Reimagining celebrity culture in a digital age: Teiji Hayama

We’re living in a digital age with apps and websites and social media platforms bringing everyone closer together for better or for worse. Admittedly, I am hooked on social media- not all aspects of it- mainly Instagram which I have always had a sort of bizarre love/hate relationship. However, as a tool for discovery, I find it great and this is true of my ability to discover art. For me, art has always been a means of escapism and covid has made me pine for galleries mainly because I miss pretentiously walking around exhibits pretending to know more than I do. 

Teiji Hayama was an artist I found whilst hazily scrolling through Instagram- it was January and I had recently followed Unit London. For those that aren’t acquainted, Unit is a small yet intimate gallery that was founded in 2013 and has since seen a meteoric rise in popularity featuring lots of diverse modern artists including Hayama and also one of my other favourites Helen Beard. 

Hayama’s work is bound up in a fascination with celebrity culture with his interest in the process “by which a celebrity becomes stratospherically famous”. The 20th Century was a time that I feel saw the height of ‘the celebrity’ with the likes of Marylin Monroe, Liz Taylor and Elvis Presley. A time representing all the glamour of a perhaps by-gone age that produces a kind of nostalgic longing to be part of that past. For Hayama, their fame “appears to be a mixture of hard work and meticulous social maintenance”. As a society we find ourselves besotted with the idea of getting a glimpse into the lives of those that can seem so far removed from our own sometimes mundane activities.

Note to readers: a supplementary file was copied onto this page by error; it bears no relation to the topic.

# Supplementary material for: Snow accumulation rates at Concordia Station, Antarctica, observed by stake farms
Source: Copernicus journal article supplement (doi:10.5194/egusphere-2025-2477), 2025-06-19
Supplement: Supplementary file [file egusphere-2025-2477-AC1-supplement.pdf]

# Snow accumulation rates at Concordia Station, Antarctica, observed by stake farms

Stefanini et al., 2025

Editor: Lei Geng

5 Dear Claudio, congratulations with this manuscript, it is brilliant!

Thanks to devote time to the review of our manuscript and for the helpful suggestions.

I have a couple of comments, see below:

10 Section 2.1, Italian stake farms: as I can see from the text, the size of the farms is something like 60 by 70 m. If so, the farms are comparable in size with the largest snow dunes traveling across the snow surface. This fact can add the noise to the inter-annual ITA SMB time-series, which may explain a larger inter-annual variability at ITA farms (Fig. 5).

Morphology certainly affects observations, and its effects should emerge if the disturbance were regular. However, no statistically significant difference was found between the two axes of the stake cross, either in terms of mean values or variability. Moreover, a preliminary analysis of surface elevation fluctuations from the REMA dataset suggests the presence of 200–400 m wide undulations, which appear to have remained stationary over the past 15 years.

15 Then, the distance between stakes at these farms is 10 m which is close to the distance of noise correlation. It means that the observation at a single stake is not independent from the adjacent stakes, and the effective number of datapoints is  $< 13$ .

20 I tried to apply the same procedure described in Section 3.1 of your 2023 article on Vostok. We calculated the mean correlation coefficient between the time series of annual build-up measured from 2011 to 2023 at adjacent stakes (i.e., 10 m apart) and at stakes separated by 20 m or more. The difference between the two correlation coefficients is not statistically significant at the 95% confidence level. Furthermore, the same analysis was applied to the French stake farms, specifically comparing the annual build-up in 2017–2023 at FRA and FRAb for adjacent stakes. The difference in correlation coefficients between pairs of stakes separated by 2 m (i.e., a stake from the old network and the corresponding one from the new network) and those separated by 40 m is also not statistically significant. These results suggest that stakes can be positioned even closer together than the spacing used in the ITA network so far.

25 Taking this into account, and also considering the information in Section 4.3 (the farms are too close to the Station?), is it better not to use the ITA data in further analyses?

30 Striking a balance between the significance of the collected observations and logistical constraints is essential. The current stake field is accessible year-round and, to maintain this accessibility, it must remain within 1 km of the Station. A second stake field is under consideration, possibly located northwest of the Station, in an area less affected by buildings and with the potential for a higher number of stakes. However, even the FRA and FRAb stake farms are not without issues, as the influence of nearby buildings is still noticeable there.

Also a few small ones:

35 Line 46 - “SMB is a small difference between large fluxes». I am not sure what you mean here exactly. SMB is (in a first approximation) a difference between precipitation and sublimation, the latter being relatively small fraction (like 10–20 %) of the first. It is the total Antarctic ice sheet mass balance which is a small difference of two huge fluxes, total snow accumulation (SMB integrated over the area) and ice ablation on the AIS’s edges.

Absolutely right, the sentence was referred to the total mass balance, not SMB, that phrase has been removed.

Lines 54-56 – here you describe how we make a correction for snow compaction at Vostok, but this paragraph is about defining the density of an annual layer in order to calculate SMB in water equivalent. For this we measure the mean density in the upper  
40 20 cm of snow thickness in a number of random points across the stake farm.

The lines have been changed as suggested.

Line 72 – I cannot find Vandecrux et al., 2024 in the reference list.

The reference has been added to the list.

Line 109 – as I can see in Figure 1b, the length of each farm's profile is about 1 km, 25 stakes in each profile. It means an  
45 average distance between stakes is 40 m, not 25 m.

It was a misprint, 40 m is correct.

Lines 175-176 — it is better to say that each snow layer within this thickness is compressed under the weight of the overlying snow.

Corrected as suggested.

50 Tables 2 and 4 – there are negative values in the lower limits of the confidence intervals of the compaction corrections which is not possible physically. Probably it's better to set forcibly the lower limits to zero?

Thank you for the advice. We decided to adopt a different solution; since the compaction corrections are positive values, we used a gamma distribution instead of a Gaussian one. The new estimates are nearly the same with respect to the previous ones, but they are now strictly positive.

Art has always had the ability to intersect different subject matter and I think this has been neatly achieved by Hayama whose work encourages our delight and fascination.  Aptly, entitled ‘FAME’, Hayama’s solo exhibit (that ran from the 16th January to 15th February 2020) gave audiences a glimpse into a fantastical reimagination of Hollywood glamour and fame with works featuring America’s most iconic stars. The Japanese artist who currently lives and works in Switzerland but graduated from CSM College of Art and Design has the distinct ability to depict characters that he presents in “all their twisted, grey-scale glory”. With works that force us to meditate on what it means to interact with the notion of celebrity in a digital age.

 We have never been closer to fame than we are now, with social media giving us unparalleled access into the lives of stars we would in the past have probably only been able to access through magazines and television, and the radio. Many of Hayama’s subjects have been “plucked from the silver screen” and there’s a sort of evident detachment with the gaze of the elongated figures.  Describing this as representing a “kind of purgatorial exhaustion” as though their continued existence in the “digital, retweeted realm after death is a considerably taxing experience”. Beyond his art acting as a sort of visual representation of celebrity culture it also forces us to question how we interact with fame and consider what fame even is in a contemporary setting.

In modern society, fame seems far more fleeting and Hayama notes Warhol’s adage that “in the future, everyone will be world-famous for 15 minutes” which feels truer now than ever before. Increasingly, we can find more meaning in his work perhaps even more so after such a long period in isolation.

Looking beyond his crafted brush strokes and meticulous eye for details we can look into ourselves. With so much time spent on our mobile phones his work is kind of prophetic, a living representation of “the exhaustion felt by us all as we carefully curate our digital personas”.

Maybe it’s time for that social media detox… 

Teiji Hayama can be found on Instagram



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